I have several challenges that I want to confirm is true. I have chosen this one because it is rather simple (proof by induction). There are times when I do not want to spend ages trying find proofs. Especially in cases that are a lot more difficult than this one. I am simply wondering what I have done wrong and how I should go about testing inequalities in Mathematica?

Assuming[x \[Element] Reals && x > -1 && x != 0 && 
n \[Element] Integers && n > 1, (1 + x)^n > 1 + n x // Reduce]
  • 1
    $\begingroup$ Reduce doesn't seem to be able to prove this. But one thing you have to change is the placement of the assumptions: they don't have any effect on Reduce the way you use them. See Inequalities with assumptions and constraints for the explanation. $\endgroup$ – Jens Mar 20 '15 at 4:50

Since Reduce doesn't seem to like the inequality, I tried FullSimplify with Assumptions instead. This works in three steps:

differenceByTerm = 
 SeriesCoefficient[(1 + x)^n - (1 + n x), {x, 0, m}]

$$ \cases{ 0 & m=0 \\ \binom{n}{m} & m>1 \\ 0 & \text{True} \\ }$$

 differenceByTerm >= 0, 
 Assumptions -> n > 1 && {m, n} \[Element] Integers && n >= m > 1]

(* ==> True *)

 differenceByTerm >= 0, 
 Assumptions -> n > 1 && {m, n} \[Element] Integers && m > n]

(* ==> True *)

So I did the comparison of the two sides term by term in an expansion in powers of x. This is doable because SeriesCoefficient, unlike Coefficient, allows symbolic powers. So the result differenceByTerm is a function of the degree n of the polynomial, and the power m in the expansion. It's a case distinction, where the True entry refers to the special case m==1.

Finally, I have to test whether this difference is larger or equal to zero. This is a little easier than the strict inequality in the original question.

But FullSimplify only manages to decide this if I treat the cases $m>n$ and $m\le n$ separately. In both cases, the result is True, so the statement is proved.

  • $\begingroup$ Very nice, +1, and thx for reminder in your comment re: assumptions $\endgroup$ – ciao Mar 20 '15 at 6:47
  • $\begingroup$ @Jens: very interesting. But I find my proof is more elementary. Don't know why it was ignored completely up to now :-( $\endgroup$ – Dr. Wolfgang Hintze Mar 20 '15 at 20:45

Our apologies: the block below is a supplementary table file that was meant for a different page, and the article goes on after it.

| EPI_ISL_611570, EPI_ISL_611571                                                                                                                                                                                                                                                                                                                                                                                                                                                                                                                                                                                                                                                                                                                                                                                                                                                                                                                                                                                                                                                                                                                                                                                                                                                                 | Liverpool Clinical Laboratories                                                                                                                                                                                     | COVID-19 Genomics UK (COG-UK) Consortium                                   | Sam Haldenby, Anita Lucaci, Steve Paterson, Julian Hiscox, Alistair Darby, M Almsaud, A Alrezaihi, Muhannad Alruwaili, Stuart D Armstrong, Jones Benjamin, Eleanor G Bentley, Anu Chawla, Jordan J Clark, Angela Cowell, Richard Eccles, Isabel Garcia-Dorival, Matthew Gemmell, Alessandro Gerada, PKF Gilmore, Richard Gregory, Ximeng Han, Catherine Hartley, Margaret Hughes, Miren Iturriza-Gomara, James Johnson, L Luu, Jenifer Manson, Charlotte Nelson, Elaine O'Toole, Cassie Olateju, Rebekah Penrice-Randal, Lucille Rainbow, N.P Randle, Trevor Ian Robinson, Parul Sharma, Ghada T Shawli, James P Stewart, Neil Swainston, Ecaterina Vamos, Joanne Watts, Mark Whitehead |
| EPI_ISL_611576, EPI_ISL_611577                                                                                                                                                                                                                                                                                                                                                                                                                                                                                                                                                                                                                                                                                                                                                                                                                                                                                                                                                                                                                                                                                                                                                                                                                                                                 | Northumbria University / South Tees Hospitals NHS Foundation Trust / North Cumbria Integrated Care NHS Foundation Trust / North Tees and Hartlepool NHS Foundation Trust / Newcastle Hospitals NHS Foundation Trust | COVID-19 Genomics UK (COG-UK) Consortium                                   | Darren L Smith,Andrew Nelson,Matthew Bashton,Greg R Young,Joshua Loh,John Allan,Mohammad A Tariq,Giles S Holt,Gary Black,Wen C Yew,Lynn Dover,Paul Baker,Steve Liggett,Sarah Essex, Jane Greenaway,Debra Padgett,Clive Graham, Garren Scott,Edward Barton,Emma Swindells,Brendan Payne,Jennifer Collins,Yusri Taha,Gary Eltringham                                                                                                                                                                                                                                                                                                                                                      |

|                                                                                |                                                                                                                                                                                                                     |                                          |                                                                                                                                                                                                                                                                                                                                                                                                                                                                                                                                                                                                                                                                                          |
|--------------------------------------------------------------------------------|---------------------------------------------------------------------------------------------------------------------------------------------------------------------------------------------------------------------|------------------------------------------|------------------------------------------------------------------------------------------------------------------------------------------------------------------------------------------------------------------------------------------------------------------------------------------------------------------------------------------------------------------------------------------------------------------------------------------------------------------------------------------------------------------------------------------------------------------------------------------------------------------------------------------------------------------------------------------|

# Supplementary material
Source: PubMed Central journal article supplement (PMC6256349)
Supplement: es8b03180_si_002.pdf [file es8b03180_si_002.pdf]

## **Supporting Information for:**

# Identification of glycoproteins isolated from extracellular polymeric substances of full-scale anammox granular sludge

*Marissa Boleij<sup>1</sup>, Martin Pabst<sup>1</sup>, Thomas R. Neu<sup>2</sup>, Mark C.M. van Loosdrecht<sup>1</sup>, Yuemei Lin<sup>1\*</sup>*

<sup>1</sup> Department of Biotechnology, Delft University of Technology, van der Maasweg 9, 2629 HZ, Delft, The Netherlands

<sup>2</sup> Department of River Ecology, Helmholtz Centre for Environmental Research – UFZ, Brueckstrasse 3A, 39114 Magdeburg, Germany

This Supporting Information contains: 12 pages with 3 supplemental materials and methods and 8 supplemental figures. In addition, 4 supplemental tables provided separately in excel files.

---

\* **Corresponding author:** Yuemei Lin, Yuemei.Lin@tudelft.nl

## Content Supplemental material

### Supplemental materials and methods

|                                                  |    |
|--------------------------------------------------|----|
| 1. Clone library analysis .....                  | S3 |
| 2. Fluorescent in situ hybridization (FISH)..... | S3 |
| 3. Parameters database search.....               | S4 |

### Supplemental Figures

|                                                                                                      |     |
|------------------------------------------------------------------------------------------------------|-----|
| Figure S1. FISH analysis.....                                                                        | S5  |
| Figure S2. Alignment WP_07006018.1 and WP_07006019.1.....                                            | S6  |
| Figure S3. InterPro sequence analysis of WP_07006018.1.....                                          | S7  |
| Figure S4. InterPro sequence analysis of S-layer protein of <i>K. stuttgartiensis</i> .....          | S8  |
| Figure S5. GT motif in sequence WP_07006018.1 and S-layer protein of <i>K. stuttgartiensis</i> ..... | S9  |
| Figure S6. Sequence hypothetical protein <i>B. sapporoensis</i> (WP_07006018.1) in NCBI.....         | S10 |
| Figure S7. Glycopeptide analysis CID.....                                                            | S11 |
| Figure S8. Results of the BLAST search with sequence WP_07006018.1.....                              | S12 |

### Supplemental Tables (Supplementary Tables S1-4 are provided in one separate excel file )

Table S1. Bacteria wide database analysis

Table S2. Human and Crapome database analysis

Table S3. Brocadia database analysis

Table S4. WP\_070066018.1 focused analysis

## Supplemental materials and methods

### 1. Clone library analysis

• $\begingroup$ @Dr.WolfgangHintze The inductive proof is standard material, but the question didn't ask for a standard proof. Instead, it wanted a Mathematica approach to confirming the relation. It's perhaps ambiguous what "confirming" means, but apparently my interpretation led to something that's clearer than the inductive proof. $\endgroup$ – Jens Mar 20 '15 at 21:22
  • $\begingroup$ @Jens: Both our proof consist of two parts (1) technical preparation using "standard material" (2) proof using Mathematica methods. (1) Jens = series development, Wolfgang = recursion (2) Jens = Simplify with type assignments, Wolfgang = simplify of recursion. Hence I don't see any principal difference, and it seems to be a matter of taste which proof is preferred. Notice again, however, that my proof works also for general n>1, which IMHO gives it a slight advantage. $\endgroup$ – Dr. Wolfgang Hintze Mar 22 '15 at 9:50
  • $\begingroup$ @Dr.WolfgangHintze I agree, it'a a matter of taste. But before you posted your answer, someone else also posted an inductive proof. That person then deleted the answer soon after. It was probably not up long enough for you to notice it, but that prompted me to look for an alternative proof. $\endgroup$ – Jens Mar 22 '15 at 15:41

Here's an inductive proof:

Defining the function

f[n_] := (1 + x)^n - (1 + n x)

we have to prove that f[n] > 0 for n > 1 and x > -1.

Now we observe that for f[n] we have the identity

Simplify[f[n + 1] == (1 + x) f[n] + n x^2]


It is obvious "by eye" that f[n] > 0 because there are only positive quantities involved on the right hand side.

It is easily proved formally that the expression for a similar function g[n+1] is positive provided g[n] is:

Simplify[(1 + x) g[n] + n x^2 > 0, {x > -1, n > 1, g[n] > 0}]

Out[2]= True

Notice that the proof holds for real n > 1, so that it is more general than requested in the OP.

Remark 1

RSolving the recursion eq1 = g[n + 1] == (1 + x) g[n] + n x^2 with g[1] = 0 brings us back to f[n] and is therefore of no use.

Remark 2

RSolving the modified recursion

eq2 = h[n + 1] == (1 + x) h[n]; 


h[2] == x^2 


h[n] = x^2 (1 + x)^(-2 + n) for n >= 2 

which Mathematica recognizes to be positive:

Simplify[x^2 (1 + x)^(-2 + n) > 0, {x > 0, n > 0}]

Out[1]= True

If we could prove that h[n] is smaller than f[n] we are done because h > 0. But I haven't found that proof.


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